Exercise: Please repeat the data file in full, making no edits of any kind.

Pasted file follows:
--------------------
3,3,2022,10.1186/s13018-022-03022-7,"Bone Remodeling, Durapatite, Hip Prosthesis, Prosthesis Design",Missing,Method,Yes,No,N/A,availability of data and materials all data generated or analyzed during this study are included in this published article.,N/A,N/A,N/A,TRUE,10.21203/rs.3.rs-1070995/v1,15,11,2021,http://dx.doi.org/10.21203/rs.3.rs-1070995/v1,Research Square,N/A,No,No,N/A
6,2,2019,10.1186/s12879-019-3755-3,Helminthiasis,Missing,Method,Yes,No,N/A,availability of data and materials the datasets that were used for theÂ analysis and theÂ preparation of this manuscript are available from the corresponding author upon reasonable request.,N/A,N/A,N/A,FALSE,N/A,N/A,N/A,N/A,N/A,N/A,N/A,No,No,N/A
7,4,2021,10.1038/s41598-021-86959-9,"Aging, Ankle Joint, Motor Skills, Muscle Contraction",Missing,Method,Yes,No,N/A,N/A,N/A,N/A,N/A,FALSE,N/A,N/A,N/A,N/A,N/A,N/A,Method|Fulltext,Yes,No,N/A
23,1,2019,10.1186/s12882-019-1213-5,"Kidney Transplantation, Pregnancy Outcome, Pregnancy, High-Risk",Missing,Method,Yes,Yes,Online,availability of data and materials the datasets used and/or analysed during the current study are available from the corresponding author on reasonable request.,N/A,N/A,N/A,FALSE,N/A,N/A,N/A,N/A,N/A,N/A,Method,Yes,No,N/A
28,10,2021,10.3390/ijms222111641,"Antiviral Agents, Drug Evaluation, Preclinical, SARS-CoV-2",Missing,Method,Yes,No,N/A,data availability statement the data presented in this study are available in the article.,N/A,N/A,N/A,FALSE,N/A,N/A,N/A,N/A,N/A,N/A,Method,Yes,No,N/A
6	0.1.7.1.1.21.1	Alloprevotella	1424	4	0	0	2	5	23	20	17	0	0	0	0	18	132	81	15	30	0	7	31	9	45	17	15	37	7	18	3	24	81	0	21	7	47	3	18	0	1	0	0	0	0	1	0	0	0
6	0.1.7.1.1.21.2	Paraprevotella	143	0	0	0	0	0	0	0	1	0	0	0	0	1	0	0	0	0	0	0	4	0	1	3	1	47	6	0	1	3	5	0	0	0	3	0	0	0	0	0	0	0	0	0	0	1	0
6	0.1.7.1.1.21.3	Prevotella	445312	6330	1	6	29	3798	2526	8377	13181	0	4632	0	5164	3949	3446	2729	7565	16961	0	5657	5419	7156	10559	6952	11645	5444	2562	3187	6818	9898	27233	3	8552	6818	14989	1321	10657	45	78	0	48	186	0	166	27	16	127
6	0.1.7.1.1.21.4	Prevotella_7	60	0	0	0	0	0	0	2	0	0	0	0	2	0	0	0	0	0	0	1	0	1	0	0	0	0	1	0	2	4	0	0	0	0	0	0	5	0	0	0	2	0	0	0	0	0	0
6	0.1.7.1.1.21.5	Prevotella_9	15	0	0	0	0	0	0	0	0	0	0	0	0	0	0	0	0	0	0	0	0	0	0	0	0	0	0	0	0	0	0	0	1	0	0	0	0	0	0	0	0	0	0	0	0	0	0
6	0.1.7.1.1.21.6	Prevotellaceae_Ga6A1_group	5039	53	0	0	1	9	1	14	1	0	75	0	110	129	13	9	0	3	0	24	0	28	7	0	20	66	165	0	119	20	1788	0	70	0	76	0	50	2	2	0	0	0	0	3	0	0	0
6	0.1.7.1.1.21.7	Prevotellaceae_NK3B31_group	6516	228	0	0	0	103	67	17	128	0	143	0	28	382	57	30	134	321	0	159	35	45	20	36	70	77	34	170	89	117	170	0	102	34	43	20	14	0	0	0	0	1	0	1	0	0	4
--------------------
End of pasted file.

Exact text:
3,3,2022,10.1186/s13018-022-03022-7,"Bone Remodeling, Durapatite, Hip Prosthesis, Prosthesis Design",Missing,Method,Yes,No,N/A,availability of data and materials all data generated or analyzed during this study are included in this published article.,N/A,N/A,N/A,TRUE,10.21203/rs.3.rs-1070995/v1,15,11,2021,http://dx.doi.org/10.21203/rs.3.rs-1070995/v1,Research Square,N/A,No,No,N/A
6,2,2019,10.1186/s12879-019-3755-3,Helminthiasis,Missing,Method,Yes,No,N/A,availability of data and materials the datasets that were used for theÂ analysis and theÂ preparation of this manuscript are available from the corresponding author upon reasonable request.,N/A,N/A,N/A,FALSE,N/A,N/A,N/A,N/A,N/A,N/A,N/A,No,No,N/A
7,4,2021,10.1038/s41598-021-86959-9,"Aging, Ankle Joint, Motor Skills, Muscle Contraction",Missing,Method,Yes,No,N/A,N/A,N/A,N/A,N/A,FALSE,N/A,N/A,N/A,N/A,N/A,N/A,Method|Fulltext,Yes,No,N/A
23,1,2019,10.1186/s12882-019-1213-5,"Kidney Transplantation, Pregnancy Outcome, Pregnancy, High-Risk",Missing,Method,Yes,Yes,Online,availability of data and materials the datasets used and/or analysed during the current study are available from the corresponding author on reasonable request.,N/A,N/A,N/A,FALSE,N/A,N/A,N/A,N/A,N/A,N/A,Method,Yes,No,N/A
28,10,2021,10.3390/ijms222111641,"Antiviral Agents, Drug Evaluation, Preclinical, SARS-CoV-2",Missing,Method,Yes,No,N/A,data availability statement the data presented in this study are available in the article.,N/A,N/A,N/A,FALSE,N/A,N/A,N/A,N/A,N/A,N/A,Method,Yes,No,N/A
6	0.1.7.1.1.21.1	Alloprevotella	1424	4	0	0	2	5	23	20	17	0	0	0	0	18	132	81	15	30	0	7	31	9	45	17	15	37	7	18	3	24	81	0	21	7	47	3	18	0	1	0	0	0	0	1	0	0	0
6	0.1.7.1.1.21.2	Paraprevotella	143	0	0	0	0	0	0	0	1	0	0	0	0	1	0	0	0	0	0	0	4	0	1	3	1	47	6	0	1	3	5	0	0	0	3	0	0	0	0	0	0	0	0	0	0	1	0
6	0.1.7.1.1.21.3	Prevotella	445312	6330	1	6	29	3798	2526	8377	13181	0	4632	0	5164	3949	3446	2729	7565	16961	0	5657	5419	7156	10559	6952	11645	5444	2562	3187	6818	9898	27233	3	8552	6818	14989	1321	10657	45	78	0	48	186	0	166	27	16	127
6	0.1.7.1.1.21.4	Prevotella_7	60	0	0	0	0	0	0	2	0	0	0	0	2	0	0	0	0	0	0	1	0	1	0	0	0	0	1	0	2	4	0	0	0	0	0	0	5	0	0	0	2	0	0	0	0	0	0
6	0.1.7.1.1.21.5	Prevotella_9	15	0	0	0	0	0	0	0	0	0	0	0	0	0	0	0	0	0	0	0	0	0	0	0	0	0	0	0	0	0	0	0	1	0	0	0	0	0	0	0	0	0	0	0	0	0	0
6	0.1.7.1.1.21.6	Prevotellaceae_Ga6A1_group	5039	53	0	0	1	9	1	14	1	0	75	0	110	129	13	9	0	3	0	24	0	28	7	0	20	66	165	0	119	20	1788	0	70	0	76	0	50	2	2	0	0	0	0	3	0	0	0
6	0.1.7.1.1.21.7	Prevotellaceae_NK3B31_group	6516	228	0	0	0	103	67	17	128	0	143	0	28	382	57	30	134	321	0	159	35	45	20	36	70	77	34	170	89	117	170	0	102	34	43	20	14	0	0	0	0	1	0	1	0	0	4